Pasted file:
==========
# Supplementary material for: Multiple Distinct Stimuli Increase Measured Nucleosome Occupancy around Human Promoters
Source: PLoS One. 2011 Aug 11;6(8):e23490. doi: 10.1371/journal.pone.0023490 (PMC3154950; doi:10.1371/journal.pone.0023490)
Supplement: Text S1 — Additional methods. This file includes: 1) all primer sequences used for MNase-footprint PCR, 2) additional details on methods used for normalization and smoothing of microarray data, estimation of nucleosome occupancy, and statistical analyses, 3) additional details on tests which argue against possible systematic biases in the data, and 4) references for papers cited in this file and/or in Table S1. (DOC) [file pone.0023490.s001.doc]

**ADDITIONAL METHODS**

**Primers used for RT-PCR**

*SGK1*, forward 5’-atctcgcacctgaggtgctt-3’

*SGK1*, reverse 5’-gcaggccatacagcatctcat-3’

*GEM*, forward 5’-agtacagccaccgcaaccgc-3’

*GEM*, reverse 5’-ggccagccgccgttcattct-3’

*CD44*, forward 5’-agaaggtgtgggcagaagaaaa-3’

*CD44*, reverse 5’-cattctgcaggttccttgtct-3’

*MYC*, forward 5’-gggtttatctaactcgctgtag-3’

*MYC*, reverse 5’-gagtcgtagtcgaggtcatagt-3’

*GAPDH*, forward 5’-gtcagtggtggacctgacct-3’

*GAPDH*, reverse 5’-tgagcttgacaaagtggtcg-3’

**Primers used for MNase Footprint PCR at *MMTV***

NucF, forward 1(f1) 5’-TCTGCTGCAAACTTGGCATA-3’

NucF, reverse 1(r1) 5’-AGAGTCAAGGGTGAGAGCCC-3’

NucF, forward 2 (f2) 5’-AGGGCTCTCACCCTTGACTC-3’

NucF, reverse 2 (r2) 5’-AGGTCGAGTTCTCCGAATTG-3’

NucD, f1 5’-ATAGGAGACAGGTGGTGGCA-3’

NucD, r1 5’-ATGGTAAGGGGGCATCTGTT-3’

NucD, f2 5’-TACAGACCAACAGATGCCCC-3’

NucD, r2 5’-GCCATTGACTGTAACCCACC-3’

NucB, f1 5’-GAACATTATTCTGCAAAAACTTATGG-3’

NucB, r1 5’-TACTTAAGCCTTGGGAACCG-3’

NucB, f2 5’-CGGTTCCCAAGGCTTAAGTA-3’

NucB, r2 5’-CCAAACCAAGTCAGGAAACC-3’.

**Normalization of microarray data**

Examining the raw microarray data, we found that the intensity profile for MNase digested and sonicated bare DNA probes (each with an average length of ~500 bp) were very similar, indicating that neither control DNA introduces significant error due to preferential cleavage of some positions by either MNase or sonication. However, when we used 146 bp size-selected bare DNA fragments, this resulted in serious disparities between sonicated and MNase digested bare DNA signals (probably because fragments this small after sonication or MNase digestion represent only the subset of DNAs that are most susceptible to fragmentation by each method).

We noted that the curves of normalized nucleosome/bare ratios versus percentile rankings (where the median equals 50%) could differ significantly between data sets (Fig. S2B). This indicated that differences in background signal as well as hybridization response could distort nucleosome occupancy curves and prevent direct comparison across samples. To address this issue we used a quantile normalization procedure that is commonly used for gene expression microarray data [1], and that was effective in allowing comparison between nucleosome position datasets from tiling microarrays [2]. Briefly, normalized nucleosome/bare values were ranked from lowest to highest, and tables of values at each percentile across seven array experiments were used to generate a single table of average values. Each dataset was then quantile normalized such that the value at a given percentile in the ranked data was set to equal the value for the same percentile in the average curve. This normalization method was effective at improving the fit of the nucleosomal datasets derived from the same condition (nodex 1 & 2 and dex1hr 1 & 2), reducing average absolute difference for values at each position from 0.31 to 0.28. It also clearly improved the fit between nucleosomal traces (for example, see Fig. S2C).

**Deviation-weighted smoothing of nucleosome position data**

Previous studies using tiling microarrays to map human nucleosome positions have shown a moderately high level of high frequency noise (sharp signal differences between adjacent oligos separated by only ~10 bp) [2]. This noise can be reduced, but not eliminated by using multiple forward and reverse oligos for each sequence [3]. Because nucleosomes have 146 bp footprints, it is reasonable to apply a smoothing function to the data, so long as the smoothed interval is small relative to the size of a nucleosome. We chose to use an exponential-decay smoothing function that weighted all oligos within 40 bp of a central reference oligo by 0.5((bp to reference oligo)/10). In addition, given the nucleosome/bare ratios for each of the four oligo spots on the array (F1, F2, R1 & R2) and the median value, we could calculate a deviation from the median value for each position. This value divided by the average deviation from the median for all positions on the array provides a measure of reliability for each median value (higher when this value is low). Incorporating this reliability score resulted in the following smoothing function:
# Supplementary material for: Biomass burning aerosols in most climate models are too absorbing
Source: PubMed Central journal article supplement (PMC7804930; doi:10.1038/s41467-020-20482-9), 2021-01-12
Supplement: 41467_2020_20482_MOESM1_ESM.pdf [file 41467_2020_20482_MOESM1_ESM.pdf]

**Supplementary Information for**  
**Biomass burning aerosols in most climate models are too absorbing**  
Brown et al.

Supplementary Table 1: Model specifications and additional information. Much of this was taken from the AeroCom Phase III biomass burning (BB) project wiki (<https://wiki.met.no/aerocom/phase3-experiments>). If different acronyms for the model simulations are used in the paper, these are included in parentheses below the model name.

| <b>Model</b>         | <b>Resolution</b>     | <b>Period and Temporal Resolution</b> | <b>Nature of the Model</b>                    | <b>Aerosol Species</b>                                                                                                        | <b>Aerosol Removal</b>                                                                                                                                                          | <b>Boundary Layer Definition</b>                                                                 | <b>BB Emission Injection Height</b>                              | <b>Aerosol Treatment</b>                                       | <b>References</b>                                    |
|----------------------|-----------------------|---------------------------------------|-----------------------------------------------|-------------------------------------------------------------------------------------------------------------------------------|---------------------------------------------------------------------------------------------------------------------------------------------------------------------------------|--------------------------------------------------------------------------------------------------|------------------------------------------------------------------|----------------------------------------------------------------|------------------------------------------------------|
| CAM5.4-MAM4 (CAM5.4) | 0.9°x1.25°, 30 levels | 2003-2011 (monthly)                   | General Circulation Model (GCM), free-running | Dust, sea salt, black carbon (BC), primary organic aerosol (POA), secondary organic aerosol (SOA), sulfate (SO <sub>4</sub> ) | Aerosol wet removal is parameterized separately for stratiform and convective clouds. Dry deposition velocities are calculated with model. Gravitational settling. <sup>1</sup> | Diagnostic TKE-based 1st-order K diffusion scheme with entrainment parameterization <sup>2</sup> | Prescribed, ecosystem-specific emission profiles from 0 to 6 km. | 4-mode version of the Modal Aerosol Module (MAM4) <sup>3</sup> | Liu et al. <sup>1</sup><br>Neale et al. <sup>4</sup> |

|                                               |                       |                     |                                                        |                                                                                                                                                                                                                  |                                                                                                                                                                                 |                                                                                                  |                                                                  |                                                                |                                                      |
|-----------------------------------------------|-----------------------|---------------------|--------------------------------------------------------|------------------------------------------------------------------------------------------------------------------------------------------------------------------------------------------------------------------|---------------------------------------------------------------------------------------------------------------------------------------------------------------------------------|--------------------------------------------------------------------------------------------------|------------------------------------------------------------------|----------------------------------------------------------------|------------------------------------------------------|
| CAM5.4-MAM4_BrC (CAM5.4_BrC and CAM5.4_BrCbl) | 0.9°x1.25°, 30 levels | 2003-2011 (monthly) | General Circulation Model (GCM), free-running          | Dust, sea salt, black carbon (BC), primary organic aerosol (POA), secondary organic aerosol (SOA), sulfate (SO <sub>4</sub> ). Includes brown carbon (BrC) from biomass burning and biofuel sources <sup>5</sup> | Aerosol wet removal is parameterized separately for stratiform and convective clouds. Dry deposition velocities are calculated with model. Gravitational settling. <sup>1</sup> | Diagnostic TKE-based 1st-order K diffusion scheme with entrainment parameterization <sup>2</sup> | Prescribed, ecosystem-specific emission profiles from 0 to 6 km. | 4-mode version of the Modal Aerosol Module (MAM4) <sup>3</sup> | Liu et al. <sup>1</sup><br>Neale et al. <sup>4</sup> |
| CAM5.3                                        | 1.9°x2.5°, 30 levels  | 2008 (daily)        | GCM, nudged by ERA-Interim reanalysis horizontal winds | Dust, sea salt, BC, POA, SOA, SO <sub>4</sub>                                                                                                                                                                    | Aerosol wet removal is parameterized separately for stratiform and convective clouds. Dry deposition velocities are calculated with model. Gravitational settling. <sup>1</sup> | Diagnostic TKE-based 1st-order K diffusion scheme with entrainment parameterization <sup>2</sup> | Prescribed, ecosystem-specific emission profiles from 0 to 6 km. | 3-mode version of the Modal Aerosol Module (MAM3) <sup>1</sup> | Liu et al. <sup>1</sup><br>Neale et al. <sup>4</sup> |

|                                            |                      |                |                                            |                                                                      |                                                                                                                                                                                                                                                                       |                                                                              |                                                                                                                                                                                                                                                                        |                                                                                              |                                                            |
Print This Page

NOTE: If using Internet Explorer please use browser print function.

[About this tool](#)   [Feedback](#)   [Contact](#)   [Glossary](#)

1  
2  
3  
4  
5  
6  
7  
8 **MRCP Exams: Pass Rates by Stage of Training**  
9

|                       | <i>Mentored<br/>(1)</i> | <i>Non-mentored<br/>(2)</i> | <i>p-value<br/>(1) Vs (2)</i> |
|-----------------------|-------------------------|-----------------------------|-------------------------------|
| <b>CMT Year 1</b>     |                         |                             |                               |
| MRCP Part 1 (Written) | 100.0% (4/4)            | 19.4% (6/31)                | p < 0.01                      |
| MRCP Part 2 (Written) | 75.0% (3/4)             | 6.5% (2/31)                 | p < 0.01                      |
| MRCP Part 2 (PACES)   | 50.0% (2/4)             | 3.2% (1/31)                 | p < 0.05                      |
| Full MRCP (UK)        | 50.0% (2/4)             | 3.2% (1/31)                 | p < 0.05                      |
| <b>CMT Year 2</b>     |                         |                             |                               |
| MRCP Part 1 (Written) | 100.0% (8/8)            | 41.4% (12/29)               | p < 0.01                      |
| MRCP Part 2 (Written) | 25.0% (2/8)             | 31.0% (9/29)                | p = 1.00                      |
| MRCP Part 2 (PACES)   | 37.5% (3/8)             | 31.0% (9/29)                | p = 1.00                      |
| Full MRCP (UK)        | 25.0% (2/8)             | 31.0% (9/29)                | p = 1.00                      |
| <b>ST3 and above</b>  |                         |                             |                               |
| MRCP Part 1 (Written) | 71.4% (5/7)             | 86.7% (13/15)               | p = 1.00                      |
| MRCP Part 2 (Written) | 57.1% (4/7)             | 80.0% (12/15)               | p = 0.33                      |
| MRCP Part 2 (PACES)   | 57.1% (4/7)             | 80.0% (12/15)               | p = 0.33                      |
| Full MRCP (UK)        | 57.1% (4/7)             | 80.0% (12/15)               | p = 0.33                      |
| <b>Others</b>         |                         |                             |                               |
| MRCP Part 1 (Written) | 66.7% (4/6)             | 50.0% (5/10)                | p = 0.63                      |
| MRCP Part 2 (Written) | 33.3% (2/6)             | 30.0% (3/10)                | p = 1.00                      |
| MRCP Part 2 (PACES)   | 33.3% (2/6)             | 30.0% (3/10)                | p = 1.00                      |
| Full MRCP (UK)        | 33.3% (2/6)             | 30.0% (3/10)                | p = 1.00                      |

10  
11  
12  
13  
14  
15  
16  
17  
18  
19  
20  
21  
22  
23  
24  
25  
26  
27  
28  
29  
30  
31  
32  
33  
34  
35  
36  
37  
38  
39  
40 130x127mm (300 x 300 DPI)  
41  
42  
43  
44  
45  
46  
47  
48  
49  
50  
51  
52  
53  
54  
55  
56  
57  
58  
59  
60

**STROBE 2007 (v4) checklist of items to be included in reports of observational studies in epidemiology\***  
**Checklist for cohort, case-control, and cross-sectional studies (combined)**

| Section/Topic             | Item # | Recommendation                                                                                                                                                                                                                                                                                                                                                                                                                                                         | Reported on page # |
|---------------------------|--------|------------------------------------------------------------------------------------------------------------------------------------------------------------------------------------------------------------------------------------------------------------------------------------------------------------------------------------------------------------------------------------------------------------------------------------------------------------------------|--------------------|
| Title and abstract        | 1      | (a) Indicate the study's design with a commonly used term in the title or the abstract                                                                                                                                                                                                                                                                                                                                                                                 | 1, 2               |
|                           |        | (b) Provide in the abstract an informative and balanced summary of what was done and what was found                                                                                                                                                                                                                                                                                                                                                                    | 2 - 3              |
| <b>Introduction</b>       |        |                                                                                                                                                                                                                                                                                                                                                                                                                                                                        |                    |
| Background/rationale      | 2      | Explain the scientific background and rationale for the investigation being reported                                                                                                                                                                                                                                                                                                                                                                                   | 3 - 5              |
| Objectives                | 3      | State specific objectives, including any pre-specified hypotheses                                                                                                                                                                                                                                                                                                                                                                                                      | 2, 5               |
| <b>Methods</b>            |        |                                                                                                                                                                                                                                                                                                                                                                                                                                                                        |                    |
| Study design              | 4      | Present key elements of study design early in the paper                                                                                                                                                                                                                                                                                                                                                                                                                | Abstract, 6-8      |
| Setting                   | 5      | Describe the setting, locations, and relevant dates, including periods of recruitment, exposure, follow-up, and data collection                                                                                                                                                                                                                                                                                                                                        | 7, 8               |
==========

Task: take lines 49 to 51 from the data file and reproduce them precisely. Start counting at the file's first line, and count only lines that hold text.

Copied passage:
Print This Page

NOTE: If using Internet Explorer please use browser print function.

[About this tool](#)   [Feedback](#)   [Contact](#)   [Glossary](#)